This fear has further given rise to anxiety and depression among people. Other important factors affecting mental health are financial crisis, relationship issues, and being forced to stay indoors for several months owing to the pandemic lockdown and fear of getting infected.

According to Shivani Misri Sadhoo, founder-director, Saarthi Counselling Services, “prolonged uncertainty because of Covid”, a situation where people are unsure of when prevailing conditions will improve, add to the problem, even though the pandemic in itself is “enough to create panic and anxiety.”

“All these factors (anxiety, concern regarding future, the grim environment, bad news) have individually or jointly played havoc with the mental health of several people. Thus, medicines such as Prothiaden, Ativan, Tryptomer, Nexito and Nexito Plus have been prescribed more during the last one year, and especially the last one month.”

The counsellor added that whereas till last year she would only get one or two patients in a week who would be seeking counselling for depression, the number has now gone up to three-four.

Dr. Srinivas Rajkumar T., consultant psychiatrist and former general secretary, Resident Doctor’s Association, AIIMS, added that there has also been a jump in the number of those suffering from the symptoms of alcohol withdrawal, owing to reduced availability because of lockdowns or financial problems caused by the pandemic.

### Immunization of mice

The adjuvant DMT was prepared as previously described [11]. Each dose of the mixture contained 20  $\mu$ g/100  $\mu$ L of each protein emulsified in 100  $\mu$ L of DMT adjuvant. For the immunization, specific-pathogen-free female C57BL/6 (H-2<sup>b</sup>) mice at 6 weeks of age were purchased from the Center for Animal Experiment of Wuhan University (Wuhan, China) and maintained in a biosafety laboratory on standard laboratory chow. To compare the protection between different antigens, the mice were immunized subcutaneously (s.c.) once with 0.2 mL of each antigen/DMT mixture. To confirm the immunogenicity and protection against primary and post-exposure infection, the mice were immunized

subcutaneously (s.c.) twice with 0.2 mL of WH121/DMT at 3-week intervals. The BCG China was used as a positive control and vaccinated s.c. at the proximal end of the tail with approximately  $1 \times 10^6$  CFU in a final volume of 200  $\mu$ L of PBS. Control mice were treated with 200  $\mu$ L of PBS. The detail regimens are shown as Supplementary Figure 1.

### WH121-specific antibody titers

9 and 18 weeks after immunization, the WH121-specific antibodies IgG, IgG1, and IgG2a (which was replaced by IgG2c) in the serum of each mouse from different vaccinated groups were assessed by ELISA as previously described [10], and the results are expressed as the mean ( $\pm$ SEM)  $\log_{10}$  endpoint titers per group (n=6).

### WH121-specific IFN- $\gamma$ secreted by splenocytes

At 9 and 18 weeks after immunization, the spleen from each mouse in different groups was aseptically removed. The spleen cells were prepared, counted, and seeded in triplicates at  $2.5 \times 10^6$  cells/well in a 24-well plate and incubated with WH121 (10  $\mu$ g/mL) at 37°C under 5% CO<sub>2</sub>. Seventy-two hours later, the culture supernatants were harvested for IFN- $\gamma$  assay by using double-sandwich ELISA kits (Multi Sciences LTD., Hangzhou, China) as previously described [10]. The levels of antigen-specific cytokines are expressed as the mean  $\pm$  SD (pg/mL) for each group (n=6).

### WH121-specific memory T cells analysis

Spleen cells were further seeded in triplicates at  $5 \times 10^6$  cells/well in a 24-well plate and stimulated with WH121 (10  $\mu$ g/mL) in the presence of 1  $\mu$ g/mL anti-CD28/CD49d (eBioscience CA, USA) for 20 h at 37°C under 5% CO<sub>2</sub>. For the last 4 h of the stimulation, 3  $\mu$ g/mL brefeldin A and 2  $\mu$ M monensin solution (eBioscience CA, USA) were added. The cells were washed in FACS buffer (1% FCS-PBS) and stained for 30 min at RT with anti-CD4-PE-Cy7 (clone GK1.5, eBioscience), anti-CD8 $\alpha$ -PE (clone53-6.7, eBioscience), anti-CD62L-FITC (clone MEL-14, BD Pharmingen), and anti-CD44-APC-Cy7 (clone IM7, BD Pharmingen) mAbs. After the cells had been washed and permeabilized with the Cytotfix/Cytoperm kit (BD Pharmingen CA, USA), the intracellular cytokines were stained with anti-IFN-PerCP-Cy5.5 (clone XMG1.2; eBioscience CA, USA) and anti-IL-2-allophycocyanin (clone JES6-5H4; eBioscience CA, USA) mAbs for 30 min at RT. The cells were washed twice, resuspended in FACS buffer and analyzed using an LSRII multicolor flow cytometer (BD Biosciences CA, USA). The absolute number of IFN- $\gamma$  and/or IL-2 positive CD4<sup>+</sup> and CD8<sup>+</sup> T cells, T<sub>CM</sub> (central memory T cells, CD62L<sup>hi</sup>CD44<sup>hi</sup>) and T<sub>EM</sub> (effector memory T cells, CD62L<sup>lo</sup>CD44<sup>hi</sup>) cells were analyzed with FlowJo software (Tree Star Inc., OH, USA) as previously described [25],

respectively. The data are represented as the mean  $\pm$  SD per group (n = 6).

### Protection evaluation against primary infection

“There is also a big surge of patients having (showing symptoms of) alcohol withdrawal due to lack of availability That explains the increase in the sale of Ativan ( Lorazepam is the generic name of the drug being used to treat it),” he said.

Dr Srinivas added that the number of people seeking “first time” psychiatry consultation, after Covid recovery is also “quite significant”.

“There are many post-Covid consultations for depression, anxiety, insomnia and post traumatic stress disorder (PTSD). It is very prevalent,” he said, adding that there is an increase in the prescription of drugs because of all this. “While old patients are repeating, new patients are being added,” he said.

The most common topics that are coming up during consultations are the death of family members and financial stress, said experts.

“There is around 20-25 per cent increase in consultancies this year against last year and approximately 30 per cent increase in the past month,” said Dr. Rahul Rai Kakkar, senior consultant, psychiatrist, Narayana Hospital, Gurugram.

“The top reasons are anxiety issues regarding the well-being of self, family members and other close ones. Loss of life of family members and financial stress are common in almost all patients. Undoubtedly, prescription of anti-anxiety medicines have increased, along with (advice for) lifestyle and behavioral modifications.”

(Edited by Poulomi Banerjee)

Also read: 1 in 3 Covid patients who recovered have neurological, mental health disorders: Study in Lancet